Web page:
In 2000 I founded Intelligent Space, an award-winning consultancy that led innovation in the field of pedestrian movement simulation and analysis. My consultancy was a specialist company helping shopping centres and councils plan infrastructure that works for pedestrians.
I sold this business in 2007, and after remaining working for the company that bought it for three years, I decided to leave and pursue a job-free lifestyle with a lot of travel.
From then on I didn’t look back, travelling and living in many destinations including Argentina, Mexico and Panama. I’m currently enjoying a stint in Barcelona with my wife and child.
While travelling, I started a podcast and began writing books.
Yes, and a content creator. I run a weekly podcast called The Voluntary Life that discusses how to empower others to create a life of their choosing, through inspiring ideas for entrepreneurship, financial independence and freedom. Through my podcast, I interview people who have achieved financial independence.
My two books are about entrepreneurship, financial independence and personal freedom — one is called Becoming an Entrepreneur, and the other is Job Free: Four Ways to Quit the Rat Race and Achieve Financial Freedom on Your Terms.
I read a lot online about different options that other people have found for choosing to live an expatriate life, including how they managed their finances and supported their lifestyle.
I needed a business setup that could be managed remotely, and when I stumbled upon resources and articles about e-Residency it fitted my needs best of all the options, so in 2015 I applied for e-Residency.
I did look at having a business based in the UK, but Estonia has many advantages. It has better tax laws for a small startup like mine. Plus, it’s so easy to run a business online! Combined with using LeapIN to manage my company compliance, it’s more cost effective and less cumbersome to use them, rather than having to do it yourself like I would’ve done in the UK.
What was important for me was that with my Estonian company, no matter where I’m a resident, I can still manage and operate a business.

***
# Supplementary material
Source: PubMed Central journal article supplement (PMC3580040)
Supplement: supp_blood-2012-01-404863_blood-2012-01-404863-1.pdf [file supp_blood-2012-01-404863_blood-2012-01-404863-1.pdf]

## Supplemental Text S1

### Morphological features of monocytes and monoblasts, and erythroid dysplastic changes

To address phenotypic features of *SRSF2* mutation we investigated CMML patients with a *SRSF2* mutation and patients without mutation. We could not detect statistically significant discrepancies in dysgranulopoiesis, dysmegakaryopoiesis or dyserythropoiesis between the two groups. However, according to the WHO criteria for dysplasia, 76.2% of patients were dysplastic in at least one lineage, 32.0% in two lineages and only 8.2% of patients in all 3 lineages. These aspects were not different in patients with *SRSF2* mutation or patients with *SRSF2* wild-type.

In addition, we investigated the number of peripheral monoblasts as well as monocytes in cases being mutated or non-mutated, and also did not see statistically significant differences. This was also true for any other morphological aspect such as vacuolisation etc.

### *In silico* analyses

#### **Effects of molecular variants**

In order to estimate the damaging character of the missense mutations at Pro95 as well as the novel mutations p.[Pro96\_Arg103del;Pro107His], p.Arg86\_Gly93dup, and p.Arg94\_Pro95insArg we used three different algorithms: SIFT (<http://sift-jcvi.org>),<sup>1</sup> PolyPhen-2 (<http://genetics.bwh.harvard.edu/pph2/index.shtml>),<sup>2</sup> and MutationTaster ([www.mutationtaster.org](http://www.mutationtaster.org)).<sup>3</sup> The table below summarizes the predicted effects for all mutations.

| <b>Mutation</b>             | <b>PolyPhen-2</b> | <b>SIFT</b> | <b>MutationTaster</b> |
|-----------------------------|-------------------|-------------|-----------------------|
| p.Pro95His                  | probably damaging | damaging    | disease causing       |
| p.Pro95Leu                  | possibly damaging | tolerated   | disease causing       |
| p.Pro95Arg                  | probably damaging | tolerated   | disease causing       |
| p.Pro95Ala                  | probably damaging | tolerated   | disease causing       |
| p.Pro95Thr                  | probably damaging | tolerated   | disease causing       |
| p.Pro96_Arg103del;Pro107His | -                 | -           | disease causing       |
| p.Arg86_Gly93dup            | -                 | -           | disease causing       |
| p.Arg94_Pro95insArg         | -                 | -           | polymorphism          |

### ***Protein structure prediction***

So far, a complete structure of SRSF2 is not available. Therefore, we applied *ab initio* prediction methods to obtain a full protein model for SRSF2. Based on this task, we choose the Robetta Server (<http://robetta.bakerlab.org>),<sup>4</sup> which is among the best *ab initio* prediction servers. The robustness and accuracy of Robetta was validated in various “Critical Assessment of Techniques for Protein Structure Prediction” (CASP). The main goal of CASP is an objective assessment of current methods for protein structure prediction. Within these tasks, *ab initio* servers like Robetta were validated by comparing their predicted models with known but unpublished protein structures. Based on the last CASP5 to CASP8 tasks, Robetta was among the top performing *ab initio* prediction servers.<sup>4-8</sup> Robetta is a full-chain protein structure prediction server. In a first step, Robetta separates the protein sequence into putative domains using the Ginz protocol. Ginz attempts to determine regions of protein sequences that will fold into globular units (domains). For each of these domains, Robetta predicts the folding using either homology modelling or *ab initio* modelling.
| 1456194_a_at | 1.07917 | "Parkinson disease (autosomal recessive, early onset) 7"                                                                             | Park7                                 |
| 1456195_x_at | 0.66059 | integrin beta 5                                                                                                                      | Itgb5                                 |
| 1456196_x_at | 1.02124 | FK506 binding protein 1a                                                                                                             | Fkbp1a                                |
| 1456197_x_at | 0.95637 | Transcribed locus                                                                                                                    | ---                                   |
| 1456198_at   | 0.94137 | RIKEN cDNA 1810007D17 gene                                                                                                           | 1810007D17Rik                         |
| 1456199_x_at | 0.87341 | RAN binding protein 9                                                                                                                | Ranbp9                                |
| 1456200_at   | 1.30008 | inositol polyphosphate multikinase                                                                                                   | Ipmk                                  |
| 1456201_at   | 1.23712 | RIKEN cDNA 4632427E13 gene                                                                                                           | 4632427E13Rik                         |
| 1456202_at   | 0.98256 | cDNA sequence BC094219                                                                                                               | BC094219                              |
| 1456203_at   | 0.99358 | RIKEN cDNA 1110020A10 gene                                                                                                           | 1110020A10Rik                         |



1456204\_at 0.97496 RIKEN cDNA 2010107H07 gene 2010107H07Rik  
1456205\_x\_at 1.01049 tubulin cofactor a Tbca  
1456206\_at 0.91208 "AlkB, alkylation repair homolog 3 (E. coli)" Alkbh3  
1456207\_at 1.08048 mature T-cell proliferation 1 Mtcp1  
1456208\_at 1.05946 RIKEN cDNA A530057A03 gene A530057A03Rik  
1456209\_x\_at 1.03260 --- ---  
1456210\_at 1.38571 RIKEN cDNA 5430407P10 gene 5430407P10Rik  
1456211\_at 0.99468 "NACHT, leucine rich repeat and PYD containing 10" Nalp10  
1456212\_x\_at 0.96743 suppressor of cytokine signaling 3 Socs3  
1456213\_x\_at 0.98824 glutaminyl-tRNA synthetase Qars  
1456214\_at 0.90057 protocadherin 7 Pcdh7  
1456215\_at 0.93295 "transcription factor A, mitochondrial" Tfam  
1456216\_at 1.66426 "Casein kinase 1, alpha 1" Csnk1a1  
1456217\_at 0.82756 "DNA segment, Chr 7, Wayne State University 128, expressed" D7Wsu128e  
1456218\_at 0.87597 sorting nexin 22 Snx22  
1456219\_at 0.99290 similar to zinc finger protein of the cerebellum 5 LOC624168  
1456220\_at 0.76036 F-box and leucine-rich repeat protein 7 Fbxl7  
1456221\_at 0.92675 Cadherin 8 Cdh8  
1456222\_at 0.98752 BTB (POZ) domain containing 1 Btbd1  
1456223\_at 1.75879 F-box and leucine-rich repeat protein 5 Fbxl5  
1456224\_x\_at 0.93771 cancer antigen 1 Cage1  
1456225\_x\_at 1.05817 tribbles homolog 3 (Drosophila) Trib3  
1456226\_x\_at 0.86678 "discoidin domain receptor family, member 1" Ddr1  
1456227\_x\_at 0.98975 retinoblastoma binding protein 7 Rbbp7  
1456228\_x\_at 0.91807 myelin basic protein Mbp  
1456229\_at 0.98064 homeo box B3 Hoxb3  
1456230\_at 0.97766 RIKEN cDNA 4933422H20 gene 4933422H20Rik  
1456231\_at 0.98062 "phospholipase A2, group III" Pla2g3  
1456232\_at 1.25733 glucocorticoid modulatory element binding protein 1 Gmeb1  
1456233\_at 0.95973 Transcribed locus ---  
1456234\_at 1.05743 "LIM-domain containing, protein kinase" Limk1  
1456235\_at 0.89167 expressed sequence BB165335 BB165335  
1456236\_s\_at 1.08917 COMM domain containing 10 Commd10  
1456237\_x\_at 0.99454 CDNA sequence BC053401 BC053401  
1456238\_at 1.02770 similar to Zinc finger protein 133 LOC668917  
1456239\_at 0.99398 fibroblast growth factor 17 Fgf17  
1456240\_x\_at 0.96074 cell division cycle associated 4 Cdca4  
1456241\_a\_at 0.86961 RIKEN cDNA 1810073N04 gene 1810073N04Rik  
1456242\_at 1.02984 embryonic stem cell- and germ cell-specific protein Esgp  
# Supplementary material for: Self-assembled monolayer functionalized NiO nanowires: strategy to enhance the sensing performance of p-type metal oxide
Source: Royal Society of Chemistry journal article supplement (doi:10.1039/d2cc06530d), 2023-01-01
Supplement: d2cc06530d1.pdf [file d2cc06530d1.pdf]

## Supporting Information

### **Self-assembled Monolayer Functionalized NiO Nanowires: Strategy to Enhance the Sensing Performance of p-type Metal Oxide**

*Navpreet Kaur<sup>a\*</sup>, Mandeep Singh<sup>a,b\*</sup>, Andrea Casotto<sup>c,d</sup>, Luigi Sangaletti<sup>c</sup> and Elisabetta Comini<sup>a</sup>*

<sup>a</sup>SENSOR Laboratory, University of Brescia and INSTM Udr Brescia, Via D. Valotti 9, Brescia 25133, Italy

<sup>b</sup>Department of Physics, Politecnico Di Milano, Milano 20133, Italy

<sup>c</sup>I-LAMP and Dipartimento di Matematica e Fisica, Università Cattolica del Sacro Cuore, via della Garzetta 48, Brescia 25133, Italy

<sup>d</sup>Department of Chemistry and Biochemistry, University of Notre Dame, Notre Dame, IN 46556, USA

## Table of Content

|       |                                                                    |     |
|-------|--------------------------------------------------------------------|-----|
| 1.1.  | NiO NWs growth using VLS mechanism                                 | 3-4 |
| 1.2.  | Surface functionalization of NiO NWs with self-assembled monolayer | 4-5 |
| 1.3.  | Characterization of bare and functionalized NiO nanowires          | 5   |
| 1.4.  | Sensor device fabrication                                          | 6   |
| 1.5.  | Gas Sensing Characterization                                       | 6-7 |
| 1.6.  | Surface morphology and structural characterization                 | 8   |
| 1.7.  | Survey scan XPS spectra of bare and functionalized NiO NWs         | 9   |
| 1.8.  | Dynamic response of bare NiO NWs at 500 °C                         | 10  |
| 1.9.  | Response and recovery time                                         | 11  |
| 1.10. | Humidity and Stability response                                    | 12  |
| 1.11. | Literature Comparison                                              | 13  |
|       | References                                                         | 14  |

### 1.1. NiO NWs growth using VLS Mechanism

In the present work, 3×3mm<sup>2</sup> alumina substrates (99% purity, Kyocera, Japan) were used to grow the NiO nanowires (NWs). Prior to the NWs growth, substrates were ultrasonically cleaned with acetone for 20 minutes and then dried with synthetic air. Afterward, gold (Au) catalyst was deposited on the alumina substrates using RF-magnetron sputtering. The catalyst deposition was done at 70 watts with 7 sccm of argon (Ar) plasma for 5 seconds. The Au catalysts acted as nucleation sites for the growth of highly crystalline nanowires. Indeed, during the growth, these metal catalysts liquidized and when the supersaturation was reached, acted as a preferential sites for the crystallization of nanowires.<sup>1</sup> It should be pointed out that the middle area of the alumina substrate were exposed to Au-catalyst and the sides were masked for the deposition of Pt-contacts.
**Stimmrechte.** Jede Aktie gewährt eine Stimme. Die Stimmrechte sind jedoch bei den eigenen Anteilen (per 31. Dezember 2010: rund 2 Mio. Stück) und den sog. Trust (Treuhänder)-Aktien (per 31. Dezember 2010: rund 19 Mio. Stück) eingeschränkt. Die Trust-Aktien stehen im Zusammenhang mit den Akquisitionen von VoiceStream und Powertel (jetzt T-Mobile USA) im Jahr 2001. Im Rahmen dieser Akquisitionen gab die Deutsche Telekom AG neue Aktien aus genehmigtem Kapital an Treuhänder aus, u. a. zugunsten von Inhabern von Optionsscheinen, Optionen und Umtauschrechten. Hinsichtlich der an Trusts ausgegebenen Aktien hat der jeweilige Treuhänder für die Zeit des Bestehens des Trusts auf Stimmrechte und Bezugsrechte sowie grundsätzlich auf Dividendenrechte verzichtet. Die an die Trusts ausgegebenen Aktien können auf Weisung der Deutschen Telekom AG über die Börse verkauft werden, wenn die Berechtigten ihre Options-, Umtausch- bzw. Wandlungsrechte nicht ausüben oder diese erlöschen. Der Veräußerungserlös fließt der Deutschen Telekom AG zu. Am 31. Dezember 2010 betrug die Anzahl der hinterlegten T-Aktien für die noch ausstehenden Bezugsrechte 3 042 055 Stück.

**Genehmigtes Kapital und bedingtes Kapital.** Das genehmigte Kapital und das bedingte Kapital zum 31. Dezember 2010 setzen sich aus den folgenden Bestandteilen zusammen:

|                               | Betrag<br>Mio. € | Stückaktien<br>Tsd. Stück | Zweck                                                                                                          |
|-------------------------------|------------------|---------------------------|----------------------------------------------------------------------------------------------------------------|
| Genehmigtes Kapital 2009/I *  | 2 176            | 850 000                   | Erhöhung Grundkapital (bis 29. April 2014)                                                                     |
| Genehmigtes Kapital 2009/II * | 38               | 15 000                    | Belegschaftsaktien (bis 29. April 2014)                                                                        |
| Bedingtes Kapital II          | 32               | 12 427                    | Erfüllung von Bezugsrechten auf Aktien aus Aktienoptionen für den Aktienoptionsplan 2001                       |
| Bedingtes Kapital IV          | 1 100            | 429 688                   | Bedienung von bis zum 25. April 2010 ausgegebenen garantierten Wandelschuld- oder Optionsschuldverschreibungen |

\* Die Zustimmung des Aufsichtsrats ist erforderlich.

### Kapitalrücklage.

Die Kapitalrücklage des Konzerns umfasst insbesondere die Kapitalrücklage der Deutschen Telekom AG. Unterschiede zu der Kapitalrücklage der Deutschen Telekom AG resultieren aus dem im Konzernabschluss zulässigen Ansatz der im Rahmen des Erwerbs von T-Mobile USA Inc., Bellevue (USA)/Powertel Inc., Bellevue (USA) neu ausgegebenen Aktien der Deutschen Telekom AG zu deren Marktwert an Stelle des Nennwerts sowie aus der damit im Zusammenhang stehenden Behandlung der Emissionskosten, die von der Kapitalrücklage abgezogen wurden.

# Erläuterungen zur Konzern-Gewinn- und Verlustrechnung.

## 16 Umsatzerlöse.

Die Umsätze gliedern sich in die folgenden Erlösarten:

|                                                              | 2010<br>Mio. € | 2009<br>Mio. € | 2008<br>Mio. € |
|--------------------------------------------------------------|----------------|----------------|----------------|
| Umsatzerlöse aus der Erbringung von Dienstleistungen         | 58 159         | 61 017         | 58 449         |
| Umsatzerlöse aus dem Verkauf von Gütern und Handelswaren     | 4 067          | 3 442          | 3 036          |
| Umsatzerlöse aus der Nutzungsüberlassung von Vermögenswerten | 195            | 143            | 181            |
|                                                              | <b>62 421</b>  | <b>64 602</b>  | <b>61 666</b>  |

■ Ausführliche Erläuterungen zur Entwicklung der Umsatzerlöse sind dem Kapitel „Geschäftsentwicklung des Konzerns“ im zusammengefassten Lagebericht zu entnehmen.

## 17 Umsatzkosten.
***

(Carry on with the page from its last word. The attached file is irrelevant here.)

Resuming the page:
For me following an expatriate digital nomad lifestyle — this flexibility was crucial.
Only for the bank account, not for the application. When I made my e-Residency application, I was resident in the UK, so I collected my e-Residency card from the Estonian embassy in London.
I didn’t set up my company until spring 2017 and only then was a visit to Estonia required. I examined the several banking options available to e-residents but for me, having a bank business account was vital to manage my finances abroad — for example, LHVs online banking portal is excellent for accessing abroad, whether through my e-resident card reader or Smart-ID.
The entire process of opening my account only took 30 minutes — this may seem not worth a trip to Estonia, but I viewed this as an investment into my digital nomad future. Moreover, I’d encourage others to do the same.
In my case, I sell digital media products in e-books and online podcasts. I use Patreon to monetise my podcasts and subscribers pay through PayPal which then credits my LHV business bank account.
The same with Amazon who sell my e-books — payments are credited to my Estonian business account.
Because the application process is straightforward and easy, if you want to run a business as a digital nomad, then e-Residency and incorporating an Estonian company is a clean and efficient way to manage your business online.
The e-Residency programme is a very cost-effective, modern solution for today’s expat. For example, I have a small business and require a platform to help create digital content online — I don’t need a vast infrastructure to do this, only someone to handle my day to day compliance.
e-Residency and LeapIN are solving the challenges that digital nomads face in adopting this lifestyle, enabling us to remain mobile and see the world and travel. This way of working and living is only going to increase.